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Stupid observation about Gone with the Wind.


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There's a scene that she says she'll never go hungry again. 2 scenes that bother me where her maid tells her to eat like a bird and another when she's upset after having a baby about her waistline. I wonder back then if women starved themselves for their figure just like today with the eating disorders.

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5 hours ago, Marysara1 said:

There's a scene that she says she'll never go hungry again. 2 scenes that bother me where her maid tells her to eat like a bird and another when she's upset after having a baby about her waistline. I wonder back then if women starved themselves for their figure just like today with the eating disorders.

By "back then" I'm taking you mean back when GWTW was set. Or are you referring to when the movie was made?  I'd say probably yes for both times.

US critic: 'undeniably racist' Gone with the Wind should be banned from  cinemas | Gone With The Wind | The Guardian

Ayds - Wikipedia

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2 hours ago, Marysara1 said:

There's a scene that she says she'll never go hungry again. 2 scenes that bother me where her maid tells her to eat like a bird and another when she's upset after having a baby about her waistline. I wonder back then if women starved themselves for their figure just like today with the eating disorders.

I doubt it. You're touching here on the feminine ideal which as you suggest has changed over time. Look at nude paintings of the Renaissance era. Those were some stout gals. Their girth was considered a sign of health and wealth.

In Scarlett's time, the hourglass shape was preferred, so women wanted to give the illusion of a big butt and boobs but a tiny waistline. That look was achieved then not through starvation and jazzercize, but with the corset and bustle.

And Scarlet could put it away, as we saw in one scene where she eats like Henry VIII. She swore she'd never go hungry again after suffering famine, not because she was instructed to keep her figure.

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53 minutes ago, Janet0312 said:

Coffee and cigarettes just make you hungrier.

Nicotine is an appetite suppressant. Per a scientific study done in 2011, 

 nicotine activates a pathway in the brain that suppresses appetite.

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49 minutes ago, Hellzapoppin said:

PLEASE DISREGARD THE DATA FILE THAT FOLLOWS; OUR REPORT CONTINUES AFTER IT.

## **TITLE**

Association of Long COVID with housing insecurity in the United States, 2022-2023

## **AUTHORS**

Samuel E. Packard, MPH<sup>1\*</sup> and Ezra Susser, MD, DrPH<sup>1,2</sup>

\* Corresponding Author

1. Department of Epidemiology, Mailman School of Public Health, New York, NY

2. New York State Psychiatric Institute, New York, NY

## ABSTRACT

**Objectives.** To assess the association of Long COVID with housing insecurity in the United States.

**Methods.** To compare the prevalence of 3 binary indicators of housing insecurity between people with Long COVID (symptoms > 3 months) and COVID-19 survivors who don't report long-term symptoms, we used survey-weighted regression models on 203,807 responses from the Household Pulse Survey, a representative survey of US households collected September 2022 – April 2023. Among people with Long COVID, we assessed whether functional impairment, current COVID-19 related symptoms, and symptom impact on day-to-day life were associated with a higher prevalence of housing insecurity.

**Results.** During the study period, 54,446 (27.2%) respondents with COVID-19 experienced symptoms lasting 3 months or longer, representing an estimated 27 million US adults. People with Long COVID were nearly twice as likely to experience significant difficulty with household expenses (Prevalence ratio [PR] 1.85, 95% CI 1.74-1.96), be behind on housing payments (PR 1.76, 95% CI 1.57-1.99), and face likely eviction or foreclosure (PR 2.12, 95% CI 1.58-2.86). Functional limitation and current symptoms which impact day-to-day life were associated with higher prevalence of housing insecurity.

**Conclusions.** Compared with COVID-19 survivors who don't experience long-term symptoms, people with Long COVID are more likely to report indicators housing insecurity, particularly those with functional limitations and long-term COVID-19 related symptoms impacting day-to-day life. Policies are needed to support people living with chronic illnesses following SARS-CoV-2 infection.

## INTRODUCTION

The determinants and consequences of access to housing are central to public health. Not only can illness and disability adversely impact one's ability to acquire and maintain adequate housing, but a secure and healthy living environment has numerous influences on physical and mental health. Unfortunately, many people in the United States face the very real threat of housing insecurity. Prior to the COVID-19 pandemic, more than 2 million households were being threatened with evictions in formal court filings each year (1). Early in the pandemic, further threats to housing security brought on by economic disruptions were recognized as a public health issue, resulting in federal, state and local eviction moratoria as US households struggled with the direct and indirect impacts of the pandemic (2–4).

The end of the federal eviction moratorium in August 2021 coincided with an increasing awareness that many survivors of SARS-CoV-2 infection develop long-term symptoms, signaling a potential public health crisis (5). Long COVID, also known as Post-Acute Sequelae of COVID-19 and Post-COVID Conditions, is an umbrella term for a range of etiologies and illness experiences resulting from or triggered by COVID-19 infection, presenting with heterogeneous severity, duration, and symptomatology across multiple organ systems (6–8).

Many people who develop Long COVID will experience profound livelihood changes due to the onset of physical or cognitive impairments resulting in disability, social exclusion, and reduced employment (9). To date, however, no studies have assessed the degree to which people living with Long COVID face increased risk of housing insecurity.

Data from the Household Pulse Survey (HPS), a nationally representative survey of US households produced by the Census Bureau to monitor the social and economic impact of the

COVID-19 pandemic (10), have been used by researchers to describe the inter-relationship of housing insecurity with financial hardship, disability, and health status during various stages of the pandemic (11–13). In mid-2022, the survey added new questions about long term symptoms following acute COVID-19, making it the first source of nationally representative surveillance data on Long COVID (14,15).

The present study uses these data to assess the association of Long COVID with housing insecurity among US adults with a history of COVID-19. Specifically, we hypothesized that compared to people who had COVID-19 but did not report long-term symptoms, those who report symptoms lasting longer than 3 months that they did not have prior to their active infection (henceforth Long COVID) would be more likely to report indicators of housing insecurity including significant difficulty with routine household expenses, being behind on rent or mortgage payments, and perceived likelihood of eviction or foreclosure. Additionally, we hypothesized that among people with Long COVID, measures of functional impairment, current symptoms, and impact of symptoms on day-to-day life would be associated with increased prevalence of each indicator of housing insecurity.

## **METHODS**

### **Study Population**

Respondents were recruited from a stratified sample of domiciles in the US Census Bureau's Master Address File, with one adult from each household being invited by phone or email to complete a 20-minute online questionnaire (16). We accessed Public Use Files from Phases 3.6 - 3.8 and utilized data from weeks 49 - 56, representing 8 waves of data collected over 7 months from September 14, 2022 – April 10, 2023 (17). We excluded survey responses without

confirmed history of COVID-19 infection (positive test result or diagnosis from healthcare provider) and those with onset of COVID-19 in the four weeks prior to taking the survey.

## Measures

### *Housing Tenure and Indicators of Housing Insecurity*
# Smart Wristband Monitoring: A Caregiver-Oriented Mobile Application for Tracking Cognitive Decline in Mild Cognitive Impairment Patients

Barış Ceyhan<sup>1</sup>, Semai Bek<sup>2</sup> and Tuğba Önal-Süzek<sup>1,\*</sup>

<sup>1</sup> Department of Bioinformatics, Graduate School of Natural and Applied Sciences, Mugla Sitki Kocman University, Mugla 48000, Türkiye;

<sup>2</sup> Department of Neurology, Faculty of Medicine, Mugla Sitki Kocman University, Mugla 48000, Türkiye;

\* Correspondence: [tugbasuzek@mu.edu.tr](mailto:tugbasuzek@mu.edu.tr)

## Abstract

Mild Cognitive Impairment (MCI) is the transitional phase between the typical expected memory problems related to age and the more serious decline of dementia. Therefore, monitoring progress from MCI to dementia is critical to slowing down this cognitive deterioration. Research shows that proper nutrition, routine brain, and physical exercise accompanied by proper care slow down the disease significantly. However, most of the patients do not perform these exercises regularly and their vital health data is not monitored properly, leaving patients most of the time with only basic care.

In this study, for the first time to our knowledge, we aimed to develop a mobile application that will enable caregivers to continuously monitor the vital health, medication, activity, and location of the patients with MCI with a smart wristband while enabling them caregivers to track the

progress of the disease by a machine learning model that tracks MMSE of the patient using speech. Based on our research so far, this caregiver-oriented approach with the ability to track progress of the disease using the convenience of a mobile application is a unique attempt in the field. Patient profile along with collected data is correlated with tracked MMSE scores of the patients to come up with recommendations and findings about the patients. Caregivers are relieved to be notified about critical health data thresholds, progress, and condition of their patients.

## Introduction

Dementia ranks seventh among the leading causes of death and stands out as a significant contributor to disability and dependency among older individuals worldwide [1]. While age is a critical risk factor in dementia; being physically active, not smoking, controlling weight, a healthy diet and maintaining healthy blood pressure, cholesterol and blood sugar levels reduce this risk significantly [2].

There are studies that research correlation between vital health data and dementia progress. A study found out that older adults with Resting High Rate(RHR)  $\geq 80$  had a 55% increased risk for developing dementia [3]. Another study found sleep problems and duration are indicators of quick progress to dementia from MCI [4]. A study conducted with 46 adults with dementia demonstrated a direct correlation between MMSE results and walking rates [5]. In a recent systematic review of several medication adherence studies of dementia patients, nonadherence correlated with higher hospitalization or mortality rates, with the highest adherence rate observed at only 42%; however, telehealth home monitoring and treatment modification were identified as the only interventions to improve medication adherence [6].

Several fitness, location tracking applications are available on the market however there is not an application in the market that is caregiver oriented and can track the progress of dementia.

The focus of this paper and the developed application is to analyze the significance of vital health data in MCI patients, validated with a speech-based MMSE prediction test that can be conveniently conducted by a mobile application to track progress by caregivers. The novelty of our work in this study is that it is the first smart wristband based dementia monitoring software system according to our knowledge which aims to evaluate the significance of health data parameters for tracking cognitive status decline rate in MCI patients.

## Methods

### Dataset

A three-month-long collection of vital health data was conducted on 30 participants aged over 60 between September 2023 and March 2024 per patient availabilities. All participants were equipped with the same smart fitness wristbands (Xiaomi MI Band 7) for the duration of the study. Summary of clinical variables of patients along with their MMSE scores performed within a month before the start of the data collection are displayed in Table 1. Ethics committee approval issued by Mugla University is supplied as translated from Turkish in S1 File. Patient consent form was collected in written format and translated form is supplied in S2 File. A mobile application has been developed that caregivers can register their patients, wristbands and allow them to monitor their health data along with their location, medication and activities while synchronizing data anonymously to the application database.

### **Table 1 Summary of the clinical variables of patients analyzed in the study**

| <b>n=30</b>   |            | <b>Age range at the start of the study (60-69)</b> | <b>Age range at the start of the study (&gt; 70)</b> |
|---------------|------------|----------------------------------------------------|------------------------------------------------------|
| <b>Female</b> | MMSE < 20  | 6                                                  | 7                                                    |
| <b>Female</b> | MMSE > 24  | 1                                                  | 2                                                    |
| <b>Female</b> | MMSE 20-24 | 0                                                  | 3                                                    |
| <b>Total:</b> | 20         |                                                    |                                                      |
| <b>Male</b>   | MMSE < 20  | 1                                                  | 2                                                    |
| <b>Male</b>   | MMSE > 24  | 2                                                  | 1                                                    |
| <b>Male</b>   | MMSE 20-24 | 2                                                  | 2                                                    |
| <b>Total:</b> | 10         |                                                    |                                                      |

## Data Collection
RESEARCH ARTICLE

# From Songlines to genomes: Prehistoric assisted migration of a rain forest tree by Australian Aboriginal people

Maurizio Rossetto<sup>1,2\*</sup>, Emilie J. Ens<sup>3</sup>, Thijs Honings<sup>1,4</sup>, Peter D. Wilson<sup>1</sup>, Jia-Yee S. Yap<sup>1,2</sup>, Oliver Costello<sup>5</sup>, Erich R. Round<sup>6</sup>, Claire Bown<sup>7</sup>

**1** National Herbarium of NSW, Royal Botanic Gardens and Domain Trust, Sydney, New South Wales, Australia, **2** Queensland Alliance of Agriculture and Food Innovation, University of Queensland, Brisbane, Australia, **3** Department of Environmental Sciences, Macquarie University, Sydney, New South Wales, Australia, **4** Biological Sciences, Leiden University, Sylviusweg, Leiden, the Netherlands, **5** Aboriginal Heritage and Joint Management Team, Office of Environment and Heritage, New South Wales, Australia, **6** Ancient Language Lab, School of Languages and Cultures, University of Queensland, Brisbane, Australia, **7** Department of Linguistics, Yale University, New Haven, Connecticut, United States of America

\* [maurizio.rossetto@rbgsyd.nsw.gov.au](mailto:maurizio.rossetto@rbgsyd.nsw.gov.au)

By "back then" I'm taking you mean back when GWTW was set?

I assumed the same thing;  Thus I wonder was Scarlett concerned about her waistline in the book,  or was that scene in the photo made-up by the screenwriter(s) as an easy way to show how petty Scarlett was at that age;  I.e.  something that took pages and pages in the book, with various examples,  but that can be done with a quick scene since film is a condensed,  visual art form.

 

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45 minutes ago, TopBilled said:

Nicotine is an appetite suppressant. Per a scientific study done in 2011, 

 nicotine activates a pathway in the brain that suppresses appetite.

Sure.  And which explains why so many of those who quit smoking start putting on weight.  NOTHING to do with the misguided belief of "oral gratification", which basically means(if Otto let it go) thinking those who quit smoking use food to replace the "pacifier" of a cigarette in their mouths.   :rolleyes:

Sepiatone

 

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It's been over 30 years since I read the book, but I seem to recall the ridiculously small size of Scarlett's waist being mentioned in the first few pages.

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1 hour ago, Fedya said:

It's been over 30 years since I read the book, but I seem to recall the ridiculously small size of Scarlett's waist being mentioned in the first few pages.

18 1/2 inches.

In the movie anyway, there's this scene a bit later in the film (which Hellzapoppin posted this pic of earlier) where while pulling on the corset strings, Mammy tells Scarlett...

500.jpg?quality=85&auto=format&fit=max&s

"You ain't never gonna be no eighteen and a half inches anymore Miss Scarlett. You done had a child."

 

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3 hours ago, JamesJazGuitar said:

I assumed the same thing;  Thus I wonder was Scarlett concerned about her waistline in the book,  or was that scene in the photo made-up by the screenwriter(s) as an easy way to show how petty Scarlett was at that age;  I.e.  something that took pages and pages in the book, with various examples,  but that can be done with a quick scene since film is a condensed,  visual art form.

 

Excepting her two previous children deleted from the screenplay, the movie is very faithful to the book.   The Mammy sequence near the beginning with the eating concerns are in the book. 

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To answer your question, yes, absolutely, sometimes more extremely so than now; women giving themselves tapeworms to stay thin, for example. Look up Empress Elisabeth of Austria, sometime, better known as the iconic "Sissi." She would have been a contemporary of Scarlett's and was sort of like the Princess Diana of her time in a number of ways, including her very well documented eating disorders.

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25 minutes ago, ClassicMovieholic said:

To answer your question, yes, absolutely, sometimes more extremely so than now; women giving themselves tapeworms to stay thin, for example. Look up Empress Elisabeth of Austria, sometime, better known as the iconic "Sissi." She would have been a contemporary of Scarlett's and was sort of like the Princess Diana of her time in a number of ways, including her very well documented eating disorders.